blog posts to promote that marketing offer. As soon as we create
that persona, all these other tasks are created automatically so
it helps manage me. I’m extremely ADD. I don’t know what’s going
on.Trent: Join the club.Chris: If I don’t have it written down or if I don’t have somebody
bugging me to do it then I’m going to forget. There’s no
question. I built the software and built it on top of the
software basically just to keep me in line.Trent: My wife does that for me along with software. Let’s go back to
the thing, I want to talk about lead generation here because I
think a lot of people really struggle with it. Can you tell us
what you’re doing? What’s your number one method of generating
leads?Chris: Number one method of generating leads has got to be creating
content. I’ve had the website for two or three years now and so
I’ve done a lot of, before I really got into inbound marketing I
did a lot of SEO work, so I spent time making sure I was getting
found for some local stuff here in Fort Worth. That really
doesn’t bring me any business to be honest.Now our focus has been to get global and to not worry about
local because our best clients are not anywhere close to us so
we got away from that and really started getting active in
social networks. I think LinkedIn is the best place to promote
our content that we’re creating. [inaudible 15:45]Trent: How do you promote your content on LinkedIn? I want to see if
it’s similar to what I do.Chris: Gotcha. We’re writing blog posts that promote offers. That are
behind a form so that we’re gathering leads that way. I’ll look
for conversations where information we’ve written about is
applicable. I’ll go and I’ll say, ‘Hey we wrote this. Maybe this
can help you out.’ I’m a member of a lot of different groups. We
do have some verticals that we target and we’re always looking
to figure out what the best verticals are going to be for us to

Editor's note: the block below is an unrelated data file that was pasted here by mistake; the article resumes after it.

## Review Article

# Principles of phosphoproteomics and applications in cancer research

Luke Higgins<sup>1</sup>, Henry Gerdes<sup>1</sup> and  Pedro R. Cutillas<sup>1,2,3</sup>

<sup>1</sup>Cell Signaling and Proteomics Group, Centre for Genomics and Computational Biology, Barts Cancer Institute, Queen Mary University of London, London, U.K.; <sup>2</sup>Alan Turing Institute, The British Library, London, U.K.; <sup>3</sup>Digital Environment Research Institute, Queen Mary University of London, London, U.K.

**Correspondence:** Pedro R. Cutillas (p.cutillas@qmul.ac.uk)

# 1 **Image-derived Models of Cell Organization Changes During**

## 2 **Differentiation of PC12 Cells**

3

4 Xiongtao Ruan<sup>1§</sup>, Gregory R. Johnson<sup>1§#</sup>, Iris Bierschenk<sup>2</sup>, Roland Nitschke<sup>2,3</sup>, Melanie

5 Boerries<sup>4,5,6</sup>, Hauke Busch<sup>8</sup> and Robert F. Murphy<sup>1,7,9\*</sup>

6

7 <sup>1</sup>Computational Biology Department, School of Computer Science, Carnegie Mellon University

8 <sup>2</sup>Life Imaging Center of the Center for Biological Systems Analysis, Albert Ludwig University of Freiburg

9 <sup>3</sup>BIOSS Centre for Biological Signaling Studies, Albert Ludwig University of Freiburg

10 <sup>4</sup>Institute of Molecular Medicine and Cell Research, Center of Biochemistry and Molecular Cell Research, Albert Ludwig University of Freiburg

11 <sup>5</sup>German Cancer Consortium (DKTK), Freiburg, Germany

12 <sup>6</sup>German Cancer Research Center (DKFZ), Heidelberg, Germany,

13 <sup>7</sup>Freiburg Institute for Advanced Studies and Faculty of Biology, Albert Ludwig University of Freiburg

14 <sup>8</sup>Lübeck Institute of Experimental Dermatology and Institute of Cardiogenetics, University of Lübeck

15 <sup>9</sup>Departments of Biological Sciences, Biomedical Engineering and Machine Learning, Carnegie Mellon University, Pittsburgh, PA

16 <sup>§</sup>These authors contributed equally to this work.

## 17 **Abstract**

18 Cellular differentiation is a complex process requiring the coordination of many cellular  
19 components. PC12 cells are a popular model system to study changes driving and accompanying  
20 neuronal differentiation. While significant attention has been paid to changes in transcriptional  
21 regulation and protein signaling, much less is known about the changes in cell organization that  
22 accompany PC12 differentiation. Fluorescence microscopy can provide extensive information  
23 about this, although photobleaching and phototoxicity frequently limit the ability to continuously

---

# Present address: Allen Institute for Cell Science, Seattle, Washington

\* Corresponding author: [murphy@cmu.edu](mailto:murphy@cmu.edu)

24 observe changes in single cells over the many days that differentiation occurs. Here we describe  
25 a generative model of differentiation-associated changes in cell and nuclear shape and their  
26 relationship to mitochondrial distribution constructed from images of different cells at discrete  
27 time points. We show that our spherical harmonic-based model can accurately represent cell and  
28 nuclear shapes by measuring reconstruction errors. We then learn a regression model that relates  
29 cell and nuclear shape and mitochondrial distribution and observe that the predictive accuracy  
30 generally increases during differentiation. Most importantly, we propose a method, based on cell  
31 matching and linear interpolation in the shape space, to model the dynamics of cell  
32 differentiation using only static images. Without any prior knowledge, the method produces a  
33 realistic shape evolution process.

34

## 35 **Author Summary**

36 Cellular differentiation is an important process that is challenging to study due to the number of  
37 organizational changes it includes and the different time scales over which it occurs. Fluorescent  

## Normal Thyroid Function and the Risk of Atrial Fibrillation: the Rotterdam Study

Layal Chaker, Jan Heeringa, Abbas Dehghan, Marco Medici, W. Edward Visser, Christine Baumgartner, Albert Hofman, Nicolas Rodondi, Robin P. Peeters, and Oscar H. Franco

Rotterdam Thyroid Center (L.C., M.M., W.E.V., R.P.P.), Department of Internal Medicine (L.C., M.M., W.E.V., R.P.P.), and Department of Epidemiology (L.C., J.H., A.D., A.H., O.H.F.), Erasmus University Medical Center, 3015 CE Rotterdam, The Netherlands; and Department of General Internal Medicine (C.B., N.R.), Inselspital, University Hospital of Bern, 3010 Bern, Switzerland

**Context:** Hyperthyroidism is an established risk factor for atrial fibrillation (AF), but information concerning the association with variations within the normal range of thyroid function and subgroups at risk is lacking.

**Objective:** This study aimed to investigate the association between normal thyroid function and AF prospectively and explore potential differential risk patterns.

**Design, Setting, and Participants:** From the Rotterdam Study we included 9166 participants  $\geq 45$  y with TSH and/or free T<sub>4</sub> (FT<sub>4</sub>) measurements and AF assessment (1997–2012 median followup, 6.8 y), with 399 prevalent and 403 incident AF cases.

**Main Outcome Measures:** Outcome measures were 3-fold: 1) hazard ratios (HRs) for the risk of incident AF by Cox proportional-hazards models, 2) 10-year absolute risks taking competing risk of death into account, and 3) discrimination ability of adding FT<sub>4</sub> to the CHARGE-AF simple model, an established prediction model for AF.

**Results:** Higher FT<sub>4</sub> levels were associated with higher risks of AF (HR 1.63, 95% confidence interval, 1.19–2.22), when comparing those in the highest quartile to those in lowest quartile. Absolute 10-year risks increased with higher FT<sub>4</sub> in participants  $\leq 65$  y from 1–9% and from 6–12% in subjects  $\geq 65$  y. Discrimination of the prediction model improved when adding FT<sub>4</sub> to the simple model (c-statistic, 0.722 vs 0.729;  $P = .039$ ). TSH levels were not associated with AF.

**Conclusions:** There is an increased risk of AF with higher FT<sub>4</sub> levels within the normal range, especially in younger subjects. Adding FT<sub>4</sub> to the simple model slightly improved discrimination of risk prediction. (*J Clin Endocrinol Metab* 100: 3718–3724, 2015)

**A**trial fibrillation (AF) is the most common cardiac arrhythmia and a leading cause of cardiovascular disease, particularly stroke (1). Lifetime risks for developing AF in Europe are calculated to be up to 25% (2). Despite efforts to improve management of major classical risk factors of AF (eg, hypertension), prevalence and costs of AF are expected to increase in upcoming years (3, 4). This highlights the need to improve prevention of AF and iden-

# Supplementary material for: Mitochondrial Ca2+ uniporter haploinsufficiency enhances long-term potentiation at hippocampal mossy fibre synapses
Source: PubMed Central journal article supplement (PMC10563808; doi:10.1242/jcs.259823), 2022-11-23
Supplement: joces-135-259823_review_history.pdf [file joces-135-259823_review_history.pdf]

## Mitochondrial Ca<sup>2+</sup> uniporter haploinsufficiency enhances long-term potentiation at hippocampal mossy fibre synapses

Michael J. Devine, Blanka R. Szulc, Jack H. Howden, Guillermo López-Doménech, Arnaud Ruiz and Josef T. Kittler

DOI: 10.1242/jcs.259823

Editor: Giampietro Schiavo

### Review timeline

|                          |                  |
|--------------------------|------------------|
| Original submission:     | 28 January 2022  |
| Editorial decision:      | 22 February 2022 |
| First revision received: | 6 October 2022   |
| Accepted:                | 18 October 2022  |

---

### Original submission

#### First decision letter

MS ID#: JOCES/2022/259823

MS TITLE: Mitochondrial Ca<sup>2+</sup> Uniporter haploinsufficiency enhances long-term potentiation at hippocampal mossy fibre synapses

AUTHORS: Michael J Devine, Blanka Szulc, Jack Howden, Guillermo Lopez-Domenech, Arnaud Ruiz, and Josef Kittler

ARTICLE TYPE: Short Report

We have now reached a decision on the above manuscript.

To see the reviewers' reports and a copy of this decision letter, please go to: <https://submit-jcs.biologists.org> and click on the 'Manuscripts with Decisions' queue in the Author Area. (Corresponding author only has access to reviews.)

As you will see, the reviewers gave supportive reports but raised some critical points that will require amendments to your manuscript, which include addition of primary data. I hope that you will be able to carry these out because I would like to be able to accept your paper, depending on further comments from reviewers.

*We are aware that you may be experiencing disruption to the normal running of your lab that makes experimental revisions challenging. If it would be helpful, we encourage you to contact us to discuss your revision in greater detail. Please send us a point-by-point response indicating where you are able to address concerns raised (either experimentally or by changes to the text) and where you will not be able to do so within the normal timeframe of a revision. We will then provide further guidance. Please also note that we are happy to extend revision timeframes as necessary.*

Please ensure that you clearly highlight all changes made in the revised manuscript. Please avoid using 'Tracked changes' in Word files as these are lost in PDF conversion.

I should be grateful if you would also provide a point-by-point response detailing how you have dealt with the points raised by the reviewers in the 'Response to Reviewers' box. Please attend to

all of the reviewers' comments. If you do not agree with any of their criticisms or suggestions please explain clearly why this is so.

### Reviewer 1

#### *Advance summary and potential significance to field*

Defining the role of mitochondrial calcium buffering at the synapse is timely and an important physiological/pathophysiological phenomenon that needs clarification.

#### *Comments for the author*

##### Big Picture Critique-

go after. We’re still defining that.We’ve done a lot of construction marketing and home contractor
marketing which is interesting. It just kind of found us. We’re
testing out a new market right now and I’m involved in some of
those groups and I’m starting to kind of get in on those
conversations and help people. I think that’s the number one way
is helping people. Eventually they’re going to either need your
help or need more of your professional help or they’re going to
refer you to someone who does.Trent: How much of your time do you spend going into, how many groups,
first of all how many groups are you a member of?Chris: I think I’m a member of 45 right now. I had to delete myself
from some groups that I just wasn’t all that active in in order
to pursue some other ones in the verticals I want to see.Trent: Define specifically your activity in these groups. When you
produce a blog post on your blog, like when we do, we can put a
check mark in every group and say Add to group and it puts a
link to your post and your little intro. It’s not really like
one on one discussions. How do you do it?Chris: Sure. We use HubSpot for marketing automation. It does the same
thing and I think that’s the number one mistake people make when
they go in and they see this fancy social media tool, and they
can just check all the group boxes and then they end up spamming
everyone in their LinkedIn feed. That’s not good for anyone
because everyone sees that you just posted in 15 different
groups and that really doesn’t add any personal value.
I really do spend time watching the groups and figuring out who
the influencers are there. Then when a conversation is heating
up and someone actually has something that I can add to, so
there’s a question about marketing in that particular instance
and I have something that’s of value to them I’ll add it into